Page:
WHO chief survives, but for how long?
Friday 12 May 1995
Officials in London and Washington said they expected their Geneva missions to be instructed to adopt a more robust line in dealing with WHO from now on. The main donor nations are working to co-ordinate a timetable of reforms for the Director-General. "We shall hold him to account for the results of this work," a Foreign Office spokesman in London said. "If he doesn't meet that timetable then his position will have to be looked at again," another official added.
Dr Nakajima came in for unprecedented public abuse by health ministers at yesterday's session of the World Health Assembly in Geneva, when Zimbabwe's minister, Timothy Stamps, called him "politically astute and well connected but mortally wounded in terms of credibility and the capability of effecting change".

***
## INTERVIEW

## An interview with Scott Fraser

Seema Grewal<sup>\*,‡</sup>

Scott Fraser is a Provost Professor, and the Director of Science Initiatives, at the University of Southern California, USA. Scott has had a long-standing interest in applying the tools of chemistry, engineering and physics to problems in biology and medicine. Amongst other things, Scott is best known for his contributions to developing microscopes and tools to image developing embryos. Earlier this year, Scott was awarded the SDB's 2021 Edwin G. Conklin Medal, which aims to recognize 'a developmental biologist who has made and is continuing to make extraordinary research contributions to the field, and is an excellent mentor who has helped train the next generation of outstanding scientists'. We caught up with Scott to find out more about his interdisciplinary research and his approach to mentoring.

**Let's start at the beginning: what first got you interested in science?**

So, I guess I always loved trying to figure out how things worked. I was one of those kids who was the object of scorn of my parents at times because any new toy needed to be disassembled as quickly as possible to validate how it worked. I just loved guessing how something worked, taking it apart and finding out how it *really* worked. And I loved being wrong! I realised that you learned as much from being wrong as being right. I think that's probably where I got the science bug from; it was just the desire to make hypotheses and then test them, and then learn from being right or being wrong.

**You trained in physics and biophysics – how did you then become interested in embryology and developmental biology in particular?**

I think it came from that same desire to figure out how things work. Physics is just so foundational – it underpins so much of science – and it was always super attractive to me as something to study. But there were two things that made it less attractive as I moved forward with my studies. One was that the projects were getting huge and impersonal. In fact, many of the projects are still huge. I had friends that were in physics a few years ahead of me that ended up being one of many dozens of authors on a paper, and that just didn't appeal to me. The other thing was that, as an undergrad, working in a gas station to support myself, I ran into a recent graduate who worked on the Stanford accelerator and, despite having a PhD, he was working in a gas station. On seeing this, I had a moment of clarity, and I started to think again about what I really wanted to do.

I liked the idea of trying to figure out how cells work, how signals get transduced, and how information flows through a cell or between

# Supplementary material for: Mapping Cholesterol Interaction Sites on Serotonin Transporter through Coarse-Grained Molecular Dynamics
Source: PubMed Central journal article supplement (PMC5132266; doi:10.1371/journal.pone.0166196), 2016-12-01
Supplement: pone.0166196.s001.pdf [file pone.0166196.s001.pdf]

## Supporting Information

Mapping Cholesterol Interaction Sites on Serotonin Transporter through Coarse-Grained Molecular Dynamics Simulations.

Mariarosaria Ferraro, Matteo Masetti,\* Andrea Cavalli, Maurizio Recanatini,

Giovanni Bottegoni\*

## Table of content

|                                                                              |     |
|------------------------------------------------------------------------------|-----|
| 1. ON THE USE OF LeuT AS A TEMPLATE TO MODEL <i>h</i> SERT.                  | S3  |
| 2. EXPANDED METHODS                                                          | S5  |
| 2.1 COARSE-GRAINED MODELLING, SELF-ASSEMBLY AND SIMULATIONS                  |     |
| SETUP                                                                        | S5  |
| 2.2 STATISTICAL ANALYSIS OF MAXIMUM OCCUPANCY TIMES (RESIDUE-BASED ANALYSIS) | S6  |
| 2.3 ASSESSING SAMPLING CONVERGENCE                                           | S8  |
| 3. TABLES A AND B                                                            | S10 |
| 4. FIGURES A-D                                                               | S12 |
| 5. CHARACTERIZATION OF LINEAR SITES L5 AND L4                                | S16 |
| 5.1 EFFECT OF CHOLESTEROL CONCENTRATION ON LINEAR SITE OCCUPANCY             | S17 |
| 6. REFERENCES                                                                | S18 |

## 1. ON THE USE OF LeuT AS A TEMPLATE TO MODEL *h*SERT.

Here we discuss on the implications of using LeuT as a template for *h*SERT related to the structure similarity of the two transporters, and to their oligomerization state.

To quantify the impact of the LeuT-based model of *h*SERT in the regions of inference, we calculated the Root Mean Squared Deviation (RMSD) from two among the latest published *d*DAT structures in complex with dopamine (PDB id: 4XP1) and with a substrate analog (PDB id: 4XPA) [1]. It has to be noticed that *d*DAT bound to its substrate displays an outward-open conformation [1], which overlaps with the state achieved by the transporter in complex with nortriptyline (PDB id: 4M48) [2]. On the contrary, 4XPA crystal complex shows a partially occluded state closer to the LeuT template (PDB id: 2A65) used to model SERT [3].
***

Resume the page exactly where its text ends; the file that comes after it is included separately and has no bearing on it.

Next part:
Three African ministers said WHO's management had failed. and an African- sponsored resolution calling on Dr Nakajima to step down over allegations of racism and mismanagement was withdrawn after several ministers had risen to make their points.
It was thought to be the first time the head of a UN agency has faced such withering ministerial criticism in public.
Diplomats and UN officials were privately questioning whether Dr Nakajima could expect to serve out his full term until 1998. Most thought prospects for a third term were dead. "It's hard to see him getting any real support for this," the Foreign Office spokesman said.
The African resolution was the latest in a series of scandals to beset WHO since Dr Nakajima won a bitterly contested second term in office two years ago.
The British Auditor-General, Sir John Bourn, has refused to continue working with WHO because he said trust and co-operation between his auditors and the organisation's leadership had broken down.
Sir John published a devastating report this week which detailed waste, corruption and fraud at WHO's regional office in the Congo.
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